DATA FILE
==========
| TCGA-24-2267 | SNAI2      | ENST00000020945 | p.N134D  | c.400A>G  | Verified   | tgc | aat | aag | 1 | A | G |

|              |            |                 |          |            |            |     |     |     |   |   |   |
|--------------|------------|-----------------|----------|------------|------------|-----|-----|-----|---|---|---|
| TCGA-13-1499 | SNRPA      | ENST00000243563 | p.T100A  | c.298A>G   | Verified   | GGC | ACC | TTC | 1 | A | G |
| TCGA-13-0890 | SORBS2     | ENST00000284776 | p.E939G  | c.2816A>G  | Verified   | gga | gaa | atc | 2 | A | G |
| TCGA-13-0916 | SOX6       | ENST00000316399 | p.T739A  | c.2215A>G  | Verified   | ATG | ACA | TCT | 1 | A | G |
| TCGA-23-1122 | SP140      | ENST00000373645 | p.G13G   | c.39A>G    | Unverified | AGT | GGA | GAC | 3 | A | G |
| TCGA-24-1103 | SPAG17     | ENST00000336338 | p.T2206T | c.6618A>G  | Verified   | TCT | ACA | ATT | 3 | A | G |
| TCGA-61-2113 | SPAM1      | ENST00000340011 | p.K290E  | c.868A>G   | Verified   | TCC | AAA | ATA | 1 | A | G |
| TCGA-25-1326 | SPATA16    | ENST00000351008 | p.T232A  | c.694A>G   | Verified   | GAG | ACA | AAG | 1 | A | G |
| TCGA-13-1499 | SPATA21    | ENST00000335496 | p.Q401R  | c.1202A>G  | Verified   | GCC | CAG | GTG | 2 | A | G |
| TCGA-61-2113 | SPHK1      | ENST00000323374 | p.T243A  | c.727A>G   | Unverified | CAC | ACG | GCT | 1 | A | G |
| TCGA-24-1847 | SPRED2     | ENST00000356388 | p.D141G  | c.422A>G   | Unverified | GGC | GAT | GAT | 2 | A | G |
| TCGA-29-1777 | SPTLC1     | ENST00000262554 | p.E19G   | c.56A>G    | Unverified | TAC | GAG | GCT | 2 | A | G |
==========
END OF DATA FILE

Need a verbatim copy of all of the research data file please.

| TCGA-24-2267 | SNAI2      | ENST00000020945 | p.N134D  | c.400A>G  | Verified   | tgc | aat | aag | 1 | A | G |

|              |            |                 |          |            |            |     |     |     |   |   |   |
|--------------|------------|-----------------|----------|------------|------------|-----|-----|-----|---|---|---|
| TCGA-13-1499 | SNRPA      | ENST00000243563 | p.T100A  | c.298A>G   | Verified   | GGC | ACC | TTC | 1 | A | G |
| TCGA-13-0890 | SORBS2     | ENST00000284776 | p.E939G  | c.2816A>G  | Verified   | gga | gaa | atc | 2 | A | G |
| TCGA-13-0916 | SOX6       | ENST00000316399 | p.T739A  | c.2215A>G  | Verified   | ATG | ACA | TCT | 1 | A | G |
| TCGA-23-1122 | SP140      | ENST00000373645 | p.G13G   | c.39A>G    | Unverified | AGT | GGA | GAC | 3 | A | G |
| TCGA-24-1103 | SPAG17     | ENST00000336338 | p.T2206T | c.6618A>G  | Verified   | TCT | ACA | ATT | 3 | A | G |
| TCGA-61-2113 | SPAM1      | ENST00000340011 | p.K290E  | c.868A>G   | Verified   | TCC | AAA | ATA | 1 | A | G |
| TCGA-25-1326 | SPATA16    | ENST00000351008 | p.T232A  | c.694A>G   | Verified   | GAG | ACA | AAG | 1 | A | G |
| TCGA-13-1499 | SPATA21    | ENST00000335496 | p.Q401R  | c.1202A>G  | Verified   | GCC | CAG | GTG | 2 | A | G |
| TCGA-61-2113 | SPHK1      | ENST00000323374 | p.T243A  | c.727A>G   | Unverified | CAC | ACG | GCT | 1 | A | G |
| TCGA-24-1847 | SPRED2     | ENST00000356388 | p.D141G  | c.422A>G   | Unverified | GGC | GAT | GAT | 2 | A | G |
| TCGA-29-1777 | SPTLC1     | ENST00000262554 | p.E19G   | c.56A>G    | Unverified | TAC | GAG | GCT | 2 | A | G |